First Pennsylvania came for its citizens’ kitchens; now the federal government is after your gardens. A new bill introduced by Rep. Rose DeLauro (D-CT) has the potential to bring government inspections to the vegetable garden in your backyard. Although some reports — and DeLauro herself — deny that H.R. 875 could possibly have this effect, both the text of the legislation and the history of Supreme Court jurisprudence on similar issues suggest otherwise.
Within the food regulation bill itself, Section 406 states
PRESUMPTION. In any action to enforce the requirements of the food safety law, the connection with interstate commerce required for jurisdiction shall be presumed to exist.
This bit of text links H.R. 857 to the Commerce Clause of the Constitution, which has been used more than almost any other part of that document to expand the power of the federal government over the states and the people. From initially being understood as an injunction against states erecting tariffs amongst themselves, it is now interpreted by the Supreme Court as giving the federal government power to regulate any commercial activity which might be in any way logically connected to commerce which crosses state lines. Needless to say, there is typically a low standard for such logical connections, and the Commerce Clause has been used as the constitutional justification for the federal minimum wage, the limited work week, and more.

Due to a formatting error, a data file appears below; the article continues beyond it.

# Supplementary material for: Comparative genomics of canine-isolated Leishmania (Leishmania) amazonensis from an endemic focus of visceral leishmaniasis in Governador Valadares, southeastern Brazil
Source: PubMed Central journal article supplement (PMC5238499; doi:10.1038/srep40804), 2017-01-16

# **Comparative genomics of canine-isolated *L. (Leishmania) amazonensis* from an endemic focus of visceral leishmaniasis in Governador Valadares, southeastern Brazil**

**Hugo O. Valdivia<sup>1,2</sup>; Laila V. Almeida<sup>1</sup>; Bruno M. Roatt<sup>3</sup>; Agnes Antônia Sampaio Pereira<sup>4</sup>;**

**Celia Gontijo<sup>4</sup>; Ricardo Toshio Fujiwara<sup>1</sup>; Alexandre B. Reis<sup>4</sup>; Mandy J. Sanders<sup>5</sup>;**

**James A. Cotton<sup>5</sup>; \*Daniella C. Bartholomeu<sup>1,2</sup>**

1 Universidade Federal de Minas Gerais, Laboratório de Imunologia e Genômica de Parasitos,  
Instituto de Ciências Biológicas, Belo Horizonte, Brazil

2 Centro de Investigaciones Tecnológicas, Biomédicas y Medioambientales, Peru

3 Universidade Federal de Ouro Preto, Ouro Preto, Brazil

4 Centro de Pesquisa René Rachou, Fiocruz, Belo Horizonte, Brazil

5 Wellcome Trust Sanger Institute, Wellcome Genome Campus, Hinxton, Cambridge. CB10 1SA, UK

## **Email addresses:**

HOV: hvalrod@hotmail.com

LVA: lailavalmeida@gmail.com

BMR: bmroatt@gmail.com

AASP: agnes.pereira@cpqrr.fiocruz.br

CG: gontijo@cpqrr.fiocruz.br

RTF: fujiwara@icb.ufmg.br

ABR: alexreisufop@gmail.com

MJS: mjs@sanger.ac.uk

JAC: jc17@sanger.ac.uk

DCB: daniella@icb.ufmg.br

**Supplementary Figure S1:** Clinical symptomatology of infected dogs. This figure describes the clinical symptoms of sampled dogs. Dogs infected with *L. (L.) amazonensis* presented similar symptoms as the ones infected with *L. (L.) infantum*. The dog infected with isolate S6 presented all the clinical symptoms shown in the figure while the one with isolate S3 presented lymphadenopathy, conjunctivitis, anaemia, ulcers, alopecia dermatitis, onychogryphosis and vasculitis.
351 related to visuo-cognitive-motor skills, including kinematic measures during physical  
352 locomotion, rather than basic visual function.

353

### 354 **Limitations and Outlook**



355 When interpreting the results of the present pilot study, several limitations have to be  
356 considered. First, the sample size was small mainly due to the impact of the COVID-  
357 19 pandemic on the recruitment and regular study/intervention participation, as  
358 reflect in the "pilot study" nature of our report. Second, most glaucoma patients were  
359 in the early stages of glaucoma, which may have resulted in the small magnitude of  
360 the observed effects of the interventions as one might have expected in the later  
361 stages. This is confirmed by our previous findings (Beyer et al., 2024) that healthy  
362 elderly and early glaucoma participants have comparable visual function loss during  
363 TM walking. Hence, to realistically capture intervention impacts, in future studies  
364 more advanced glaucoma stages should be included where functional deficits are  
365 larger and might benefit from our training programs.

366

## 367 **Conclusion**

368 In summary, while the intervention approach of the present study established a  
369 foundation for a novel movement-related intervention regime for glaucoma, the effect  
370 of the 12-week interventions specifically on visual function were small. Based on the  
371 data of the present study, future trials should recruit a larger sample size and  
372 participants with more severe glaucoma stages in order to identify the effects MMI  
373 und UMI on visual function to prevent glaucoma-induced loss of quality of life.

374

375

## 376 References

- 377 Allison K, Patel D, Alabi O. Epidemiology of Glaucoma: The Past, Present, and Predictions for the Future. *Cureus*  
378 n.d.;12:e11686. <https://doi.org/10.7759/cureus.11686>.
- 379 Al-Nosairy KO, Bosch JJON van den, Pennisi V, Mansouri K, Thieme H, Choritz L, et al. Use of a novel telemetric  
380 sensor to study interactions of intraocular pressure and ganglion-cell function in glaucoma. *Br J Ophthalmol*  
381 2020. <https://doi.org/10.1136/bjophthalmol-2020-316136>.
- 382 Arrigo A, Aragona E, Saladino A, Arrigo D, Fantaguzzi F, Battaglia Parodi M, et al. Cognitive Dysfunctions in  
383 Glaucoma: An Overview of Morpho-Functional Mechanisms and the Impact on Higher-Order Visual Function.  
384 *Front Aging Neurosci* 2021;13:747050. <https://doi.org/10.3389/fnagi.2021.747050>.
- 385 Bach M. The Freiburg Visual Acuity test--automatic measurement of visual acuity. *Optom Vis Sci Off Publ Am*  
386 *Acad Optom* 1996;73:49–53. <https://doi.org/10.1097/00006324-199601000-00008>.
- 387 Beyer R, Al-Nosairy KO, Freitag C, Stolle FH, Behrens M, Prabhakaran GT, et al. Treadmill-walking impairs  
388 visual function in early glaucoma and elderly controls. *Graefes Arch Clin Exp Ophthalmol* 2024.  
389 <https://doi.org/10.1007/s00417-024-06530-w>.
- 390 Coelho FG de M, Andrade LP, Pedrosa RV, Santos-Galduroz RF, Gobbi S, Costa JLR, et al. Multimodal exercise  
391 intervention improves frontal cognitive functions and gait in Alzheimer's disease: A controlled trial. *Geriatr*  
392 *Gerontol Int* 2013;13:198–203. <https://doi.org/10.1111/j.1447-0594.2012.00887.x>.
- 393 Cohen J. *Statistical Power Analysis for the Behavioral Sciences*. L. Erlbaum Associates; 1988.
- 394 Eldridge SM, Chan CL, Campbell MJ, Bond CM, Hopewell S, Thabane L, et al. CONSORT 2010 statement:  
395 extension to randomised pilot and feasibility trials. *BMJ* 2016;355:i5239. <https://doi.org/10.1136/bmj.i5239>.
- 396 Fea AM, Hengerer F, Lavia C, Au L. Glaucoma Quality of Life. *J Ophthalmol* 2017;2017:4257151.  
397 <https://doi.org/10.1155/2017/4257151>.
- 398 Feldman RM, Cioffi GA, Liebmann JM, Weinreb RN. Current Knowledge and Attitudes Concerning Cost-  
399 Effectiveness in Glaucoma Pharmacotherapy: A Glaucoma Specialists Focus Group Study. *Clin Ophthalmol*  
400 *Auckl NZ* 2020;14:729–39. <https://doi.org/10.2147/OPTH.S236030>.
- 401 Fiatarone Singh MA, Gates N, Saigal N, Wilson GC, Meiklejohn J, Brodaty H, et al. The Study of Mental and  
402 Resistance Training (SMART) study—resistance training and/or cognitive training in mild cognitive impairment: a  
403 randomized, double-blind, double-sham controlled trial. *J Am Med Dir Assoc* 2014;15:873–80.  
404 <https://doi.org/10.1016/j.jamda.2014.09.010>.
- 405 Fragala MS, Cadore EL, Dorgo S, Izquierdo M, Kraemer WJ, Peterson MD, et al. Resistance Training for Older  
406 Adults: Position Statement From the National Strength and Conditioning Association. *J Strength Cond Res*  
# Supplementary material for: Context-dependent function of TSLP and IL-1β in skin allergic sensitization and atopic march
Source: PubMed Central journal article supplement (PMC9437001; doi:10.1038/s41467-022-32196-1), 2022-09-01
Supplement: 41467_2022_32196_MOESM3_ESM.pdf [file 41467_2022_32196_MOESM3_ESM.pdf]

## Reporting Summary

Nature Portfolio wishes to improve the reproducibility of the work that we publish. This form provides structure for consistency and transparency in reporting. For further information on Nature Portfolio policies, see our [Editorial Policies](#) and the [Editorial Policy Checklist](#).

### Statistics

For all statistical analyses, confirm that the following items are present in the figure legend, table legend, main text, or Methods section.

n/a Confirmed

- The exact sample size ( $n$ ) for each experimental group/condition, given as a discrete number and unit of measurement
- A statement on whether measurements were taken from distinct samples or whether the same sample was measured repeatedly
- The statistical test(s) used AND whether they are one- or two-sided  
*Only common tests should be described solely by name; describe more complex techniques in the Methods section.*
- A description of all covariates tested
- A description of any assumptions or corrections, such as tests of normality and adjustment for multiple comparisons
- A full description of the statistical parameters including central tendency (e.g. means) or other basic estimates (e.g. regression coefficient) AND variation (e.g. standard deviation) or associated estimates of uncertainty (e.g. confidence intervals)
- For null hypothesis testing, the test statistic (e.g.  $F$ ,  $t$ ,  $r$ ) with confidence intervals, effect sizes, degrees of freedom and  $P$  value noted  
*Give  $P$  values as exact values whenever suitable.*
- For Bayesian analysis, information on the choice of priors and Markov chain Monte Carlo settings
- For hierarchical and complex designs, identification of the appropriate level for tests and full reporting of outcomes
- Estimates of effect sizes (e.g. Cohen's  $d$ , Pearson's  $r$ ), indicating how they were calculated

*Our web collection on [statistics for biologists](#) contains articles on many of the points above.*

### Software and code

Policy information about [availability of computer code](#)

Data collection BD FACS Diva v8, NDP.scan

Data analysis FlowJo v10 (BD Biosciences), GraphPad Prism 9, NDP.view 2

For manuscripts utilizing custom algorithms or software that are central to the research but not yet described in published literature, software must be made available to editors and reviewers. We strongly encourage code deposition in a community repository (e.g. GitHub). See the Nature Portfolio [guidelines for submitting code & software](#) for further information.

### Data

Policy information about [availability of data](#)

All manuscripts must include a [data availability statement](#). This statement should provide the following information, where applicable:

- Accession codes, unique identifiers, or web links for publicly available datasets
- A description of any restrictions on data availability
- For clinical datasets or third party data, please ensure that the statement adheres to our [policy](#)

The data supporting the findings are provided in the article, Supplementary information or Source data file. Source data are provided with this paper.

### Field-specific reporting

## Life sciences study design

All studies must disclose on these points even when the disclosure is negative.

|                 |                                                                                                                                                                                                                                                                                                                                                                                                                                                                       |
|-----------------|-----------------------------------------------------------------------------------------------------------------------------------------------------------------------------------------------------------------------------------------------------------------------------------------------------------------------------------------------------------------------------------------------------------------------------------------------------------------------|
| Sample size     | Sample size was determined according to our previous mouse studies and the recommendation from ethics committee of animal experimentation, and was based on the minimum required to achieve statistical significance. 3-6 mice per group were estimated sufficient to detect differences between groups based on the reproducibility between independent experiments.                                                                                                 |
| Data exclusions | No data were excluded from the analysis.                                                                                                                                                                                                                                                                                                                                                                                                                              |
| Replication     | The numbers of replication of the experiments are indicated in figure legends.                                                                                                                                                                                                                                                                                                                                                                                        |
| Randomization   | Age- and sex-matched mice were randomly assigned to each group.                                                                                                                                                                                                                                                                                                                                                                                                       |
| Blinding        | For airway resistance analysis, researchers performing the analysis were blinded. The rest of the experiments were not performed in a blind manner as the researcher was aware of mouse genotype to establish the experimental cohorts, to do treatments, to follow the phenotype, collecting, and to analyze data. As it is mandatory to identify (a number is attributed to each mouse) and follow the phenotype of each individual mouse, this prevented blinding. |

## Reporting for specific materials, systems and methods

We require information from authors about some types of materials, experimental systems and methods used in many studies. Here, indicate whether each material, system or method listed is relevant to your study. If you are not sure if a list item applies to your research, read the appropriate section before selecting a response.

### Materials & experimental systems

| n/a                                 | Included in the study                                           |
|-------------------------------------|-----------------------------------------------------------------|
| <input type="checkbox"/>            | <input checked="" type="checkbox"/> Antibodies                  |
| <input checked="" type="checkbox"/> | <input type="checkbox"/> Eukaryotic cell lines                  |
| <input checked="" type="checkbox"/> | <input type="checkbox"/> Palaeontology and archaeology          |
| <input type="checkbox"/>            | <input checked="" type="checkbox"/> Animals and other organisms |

It has also been used by the Court to justify preventing a man from growing wheat for home consumption over and above a government production cap in Wickard v. Filburn (1942) on the grounds that this activity could affect interstate commerce because he would no longer have to buy others’ wheat — a ruling which is strikingly similar in its effect, namely regulating a home garden, to H.R. 875. Perhaps Rep. DeLauro has been a little disingenuous in branding her bill as harmless?
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